But aren’t stablecoins actually different?
Not according to Grey.
“What stablecoins are promising is what a deposit promises. A deposit is: You put your money somewhere and you can get it back out on demand and then you can use it to make payments as if it was money,” he said. “You can come up with all sorts of fancy ways to collateralize it with an algorithm that adjusts the quantity of a balance and blah blah blah. That’s all on the asset side that enforces the obligation. The obligation itself is very simple.”
And, according to Grey, someone’s always left holding the bags when something goes wrong—ideally, regulation helps make sure it’s the group that carries the liability.
“I hold the view…that decentralized networks are not sort of a crowd where there’s nobody liable—that there are actors you can point to that operate and govern and make decisions related to key parts of that infrastructure,” he said.
Yes both could be potentially liable. And yes my broader point is that the idea these systems are somehow devoid of humans with agency (and thus responsibility) is fact free propaganda.
— Rohan Grey (@rohangrey) December 3, 2020
But that’s also where advocacy groups like Coin Center get nervous. That’s because decentralized finance, the innovative set of (mostly) Ethereum-based protocols, are increasingly interwoven with stablecoins.
“If you tell people, ‘You’re not allowed to validate blocks that have Dai [stablecoin] transactions in them,’ and the Ethereum client is a permissionless client that lets anybody write any kind of software to be validated by the entire network, then you’re going to be creating criminal culpability for anyone in validating that blockchain,” Van Valkenburgh told Decrypt.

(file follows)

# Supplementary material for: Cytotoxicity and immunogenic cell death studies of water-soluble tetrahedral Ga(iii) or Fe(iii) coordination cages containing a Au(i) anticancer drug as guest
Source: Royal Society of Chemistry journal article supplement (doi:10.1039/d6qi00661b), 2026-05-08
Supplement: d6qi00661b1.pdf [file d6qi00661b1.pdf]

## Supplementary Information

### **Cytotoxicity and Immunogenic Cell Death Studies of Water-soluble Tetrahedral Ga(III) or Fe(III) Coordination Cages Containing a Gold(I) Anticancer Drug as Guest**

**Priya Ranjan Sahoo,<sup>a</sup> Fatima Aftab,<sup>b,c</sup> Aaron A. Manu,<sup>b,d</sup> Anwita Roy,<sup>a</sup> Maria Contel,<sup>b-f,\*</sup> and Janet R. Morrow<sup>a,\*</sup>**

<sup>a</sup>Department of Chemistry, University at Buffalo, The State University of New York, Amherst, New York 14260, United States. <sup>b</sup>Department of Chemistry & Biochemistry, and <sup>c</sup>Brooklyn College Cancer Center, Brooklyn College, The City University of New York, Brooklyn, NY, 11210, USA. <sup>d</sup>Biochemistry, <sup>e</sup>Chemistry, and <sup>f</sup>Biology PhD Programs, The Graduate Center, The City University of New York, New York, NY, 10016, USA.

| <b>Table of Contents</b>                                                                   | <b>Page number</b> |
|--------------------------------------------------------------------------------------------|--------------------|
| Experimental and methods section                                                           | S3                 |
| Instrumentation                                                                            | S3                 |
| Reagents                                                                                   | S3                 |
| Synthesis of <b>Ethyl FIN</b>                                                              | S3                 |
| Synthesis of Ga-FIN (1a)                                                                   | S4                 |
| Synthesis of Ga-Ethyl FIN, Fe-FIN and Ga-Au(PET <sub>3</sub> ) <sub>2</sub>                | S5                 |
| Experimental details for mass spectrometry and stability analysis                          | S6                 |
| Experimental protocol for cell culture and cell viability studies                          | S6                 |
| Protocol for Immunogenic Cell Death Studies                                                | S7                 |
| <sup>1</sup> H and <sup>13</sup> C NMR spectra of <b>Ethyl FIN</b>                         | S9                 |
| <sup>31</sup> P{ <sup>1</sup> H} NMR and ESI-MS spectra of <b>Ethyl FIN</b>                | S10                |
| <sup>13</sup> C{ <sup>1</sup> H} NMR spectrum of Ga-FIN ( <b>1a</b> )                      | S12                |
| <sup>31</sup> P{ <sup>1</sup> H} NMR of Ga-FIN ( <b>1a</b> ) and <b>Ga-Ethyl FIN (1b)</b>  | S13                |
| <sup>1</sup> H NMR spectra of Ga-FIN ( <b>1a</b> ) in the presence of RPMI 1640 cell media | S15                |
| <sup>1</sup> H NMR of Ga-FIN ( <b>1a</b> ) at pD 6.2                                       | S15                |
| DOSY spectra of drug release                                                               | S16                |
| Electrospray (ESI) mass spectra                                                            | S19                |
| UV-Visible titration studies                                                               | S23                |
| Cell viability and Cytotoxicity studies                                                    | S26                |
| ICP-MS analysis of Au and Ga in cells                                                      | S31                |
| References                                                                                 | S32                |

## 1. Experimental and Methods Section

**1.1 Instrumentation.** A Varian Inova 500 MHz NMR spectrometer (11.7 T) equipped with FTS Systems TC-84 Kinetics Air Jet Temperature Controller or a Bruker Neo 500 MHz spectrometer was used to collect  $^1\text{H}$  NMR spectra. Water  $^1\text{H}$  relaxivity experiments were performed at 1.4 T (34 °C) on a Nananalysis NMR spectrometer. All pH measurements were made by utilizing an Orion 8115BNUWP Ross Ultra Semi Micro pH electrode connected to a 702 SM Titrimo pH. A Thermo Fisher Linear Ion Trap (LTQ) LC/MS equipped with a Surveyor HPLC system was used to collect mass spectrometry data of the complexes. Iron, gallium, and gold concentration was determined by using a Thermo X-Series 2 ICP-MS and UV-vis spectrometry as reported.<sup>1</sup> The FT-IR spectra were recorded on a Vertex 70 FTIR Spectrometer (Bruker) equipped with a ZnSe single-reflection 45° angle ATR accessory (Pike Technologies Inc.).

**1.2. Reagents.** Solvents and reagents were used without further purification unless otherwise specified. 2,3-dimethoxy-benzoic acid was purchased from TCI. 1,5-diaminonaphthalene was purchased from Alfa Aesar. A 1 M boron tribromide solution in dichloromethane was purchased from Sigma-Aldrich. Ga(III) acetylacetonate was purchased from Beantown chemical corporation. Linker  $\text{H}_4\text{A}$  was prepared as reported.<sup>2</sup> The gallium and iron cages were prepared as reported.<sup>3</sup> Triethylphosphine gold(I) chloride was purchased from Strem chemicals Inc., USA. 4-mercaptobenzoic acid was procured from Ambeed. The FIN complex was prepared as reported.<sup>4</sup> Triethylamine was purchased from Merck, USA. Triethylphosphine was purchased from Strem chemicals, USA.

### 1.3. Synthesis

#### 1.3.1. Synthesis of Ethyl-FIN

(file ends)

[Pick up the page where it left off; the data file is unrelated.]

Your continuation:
In his blog, he wrote: “Let’s not pretend that the bill simply says that only banks should back consumer held dollar notes when it actually necessitates the mass search and seizure of computers running free and open software in American households.”
Grey said that’s overblown—as he sees it, the law as written would be similar to counterfeiting laws.
“Counterfeiting money is counterfeiting money. Issuing bank deposits without a license is issuing bank deposits without a license. That’s different from saying that once you create a law like this, the next step is people getting thrown out of their beds,” he said. “What’s going to happen is pressure is going to be placed on the industry, on the big players, and then the whole industry will evolve and won’t put people in the position of being at risk for this.”
Those big players include Facebook’s Diem (née Libra), which is namechecked in the bill, as well as others “in the process of getting special purpose payments charges through the OCC, which is explicitly designed to reduce their regulatory oversight at the Fed and the FDIC.”
But Van Valkenburgh told Decrypt that the counterfeiting metaphor doesn’t track. “Counterfeiting is always illegal. Running an Ethereum node is only illegal, even if this bill passes, if the block includes a Dai transaction that’s—not even your own Dai transaction, somebody else’s that you’re validating.”
Moreover, he said, “Counterfeiting is different because it is actually something that people should not do. It’s morally wrong to try and pass off $1 as something that’s not $1. There’s nothing morally wrong about participating in a computer network. And so criminalizing that activity like you would criminalize counterfeiting is completely inappropriate.”
Regardless, in a way, this bill would give cryptocurrency advocates a clearer sense of where they stand—something industry players have been asking for. Just not in the way they might have hoped.
“The idea here is that even an instrument issued on a decentralized network,” said Grey, “if that instrument is trying to walk and talk like money, and therefore carries a systemic risk, it should be regulated like money.”